EXHIBITIONS

CollaboratorsThe Davies SistersThe Work
Joseph Mallord William Turner. The Storm
Joseph Mallord William Turner. The Storm, ca. 1840-45
Oil on canvas - 12 3/4 x 21 1/8 in.
National Museum of Wales; Miss Margaret S. Davies Bequest, 1963 (NMWA 509),
Courtesy American Federation of Arts
Joseph Mallord William Turner. The Storm
Pierre-Auguste Renoir. La Parisienne, 1874
Oil on canvas - 64 3/8 x 42 5/8 in.
National Museum of Wales; Miss Gwendoline E. Davies Bequest, 1951 (NMWA 2495), Courtesy American Federation of Arts
Joseph Mallord William Turner. The Storm
Paul Cézanne. The François Zola Dam ca. 1877-78
Oil on canvas - 21 3/8 x 29 1/4 in.
National Museum of Wales; Miss Gwendoline E. Davies Bequest, 1951 (NMWA 2439), Courtesy American Federation of Arts
Joseph Mallord William Turner. The Storm
Claude Monet. Waterlilies, 1906
Oil on canvas - 32 1/8 x 36 1/2 in.
National Museum of Wales; Miss Gwendoline E. Davies Bequest, 1951 (NMWA 2487), Courtesy American Federation of Arts

Turner to Cézanne

Masterpieces from the Davies Collection, National Museum Wales

October 9, 2009 - January 3, 2010

Turner to Cézanne: Masterpieces from the Davies Collection, National Museum Wales is drawn from an ex­traordinary group of 260 nineteenth- and early twentieth-century paintings assembled largely between 1908 and 1923 by sisters Margaret and Gwendoline Davies. The exhibition speaks volumes about taste, patronage, and philanthropy. The fifty-three works included here also present a survey of modern art, from Turner’s Romantic naturalism to Cézanne’s modern aesthetic innovations. The exhibition is also a reminder of the value of creativity, and of persistence, as many of the artists were, at first, either misunderstood or scorned. Painters once rejected, like the Impressionists, are now in the pantheon of the world’s most popular artists.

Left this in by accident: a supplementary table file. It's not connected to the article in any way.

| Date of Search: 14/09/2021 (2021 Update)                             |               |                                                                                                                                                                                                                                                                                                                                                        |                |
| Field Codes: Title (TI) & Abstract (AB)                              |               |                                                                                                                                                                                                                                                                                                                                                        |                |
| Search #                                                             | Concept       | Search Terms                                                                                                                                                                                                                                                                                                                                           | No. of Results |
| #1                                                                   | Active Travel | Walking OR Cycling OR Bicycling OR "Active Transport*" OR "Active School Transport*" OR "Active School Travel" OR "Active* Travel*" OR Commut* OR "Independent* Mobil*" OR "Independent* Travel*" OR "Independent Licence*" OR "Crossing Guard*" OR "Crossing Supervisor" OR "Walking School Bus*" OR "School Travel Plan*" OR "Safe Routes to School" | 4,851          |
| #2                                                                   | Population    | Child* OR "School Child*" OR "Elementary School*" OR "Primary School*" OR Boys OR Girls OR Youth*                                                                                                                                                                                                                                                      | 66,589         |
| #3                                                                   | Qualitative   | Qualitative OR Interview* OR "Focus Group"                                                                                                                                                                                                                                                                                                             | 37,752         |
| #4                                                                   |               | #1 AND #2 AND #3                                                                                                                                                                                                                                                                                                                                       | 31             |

Margaret and Gwendoline Davies inherited their father’s fortune, drawn from the coal and transportation industries, in the early 1900s. Having been raised in environment steeped in arts and culture, the sisters cultivated an interest in art from an early age. While their initial purchases were rather conservative, favoring established artists such as Joseph Mallord William Turner, Barbizon painter Camille Corot, and Academic master Ernest Meissonier, they quickly fell under the spell of art of the vanguard.  They purchased works by Jean-François Millet that illustrate the elevation of scenes of modern life to a prominence formally reserved for subjects like portraiture, history, and religious painting. They had a particular fondness for Honoré Daumier’s acutely observed depictions of Parisian life. Their collection, as illustrated in this exhibition, sets the context for the arrival of the Impressionists on the scene in the 1870s.

Impressionism forms the core of Turner to Cézanne. As seen in Monet’s Waterlilies, the Davies sisters favored his later works, in which color, light, and textured brushstrokes combine to form a poetic abstraction that marks the apex of Impressionism. Their interest in Monet was unique among British collectors and placed them in the ranks of other visionary collectors in the United States and Europe. Cézanne’s landscapes present another interpretation of the Impressionist landscape, one based on geometry and structure rather than poetry. Finally, Manet’s view of the Seine in Argenteuil illustrates the Impressionists’ direct response to their surroundings, with belching smoke as important a part of the landscape as the boats.

Alongside these landscapes, the exhibition includes works that reflect Impressionism’s emphasis on contemporary life, from the hustle and bustle Pissarro captured in Paris on a wintry day to Renoir’s dazzling life-size canvas, La Parisienne. The exhibition culminates with several Post-Impressionist works, including paint­ings by Pierre Bonnard and Vincent van Gogh, and modern British masters, such as Augustus John and Walter Sickert, they inspired.

Turner to Cézanne: Masterpieces from the Davies Collection, National Museum Wales is organized by American Federation of Arts and National Museum Wales. The exhibition is supported by an indemnity from the Federal Council on the Arts and the Humanities.

The Everson Museum of Art thanks its generous sponsors for making this exhibition possible.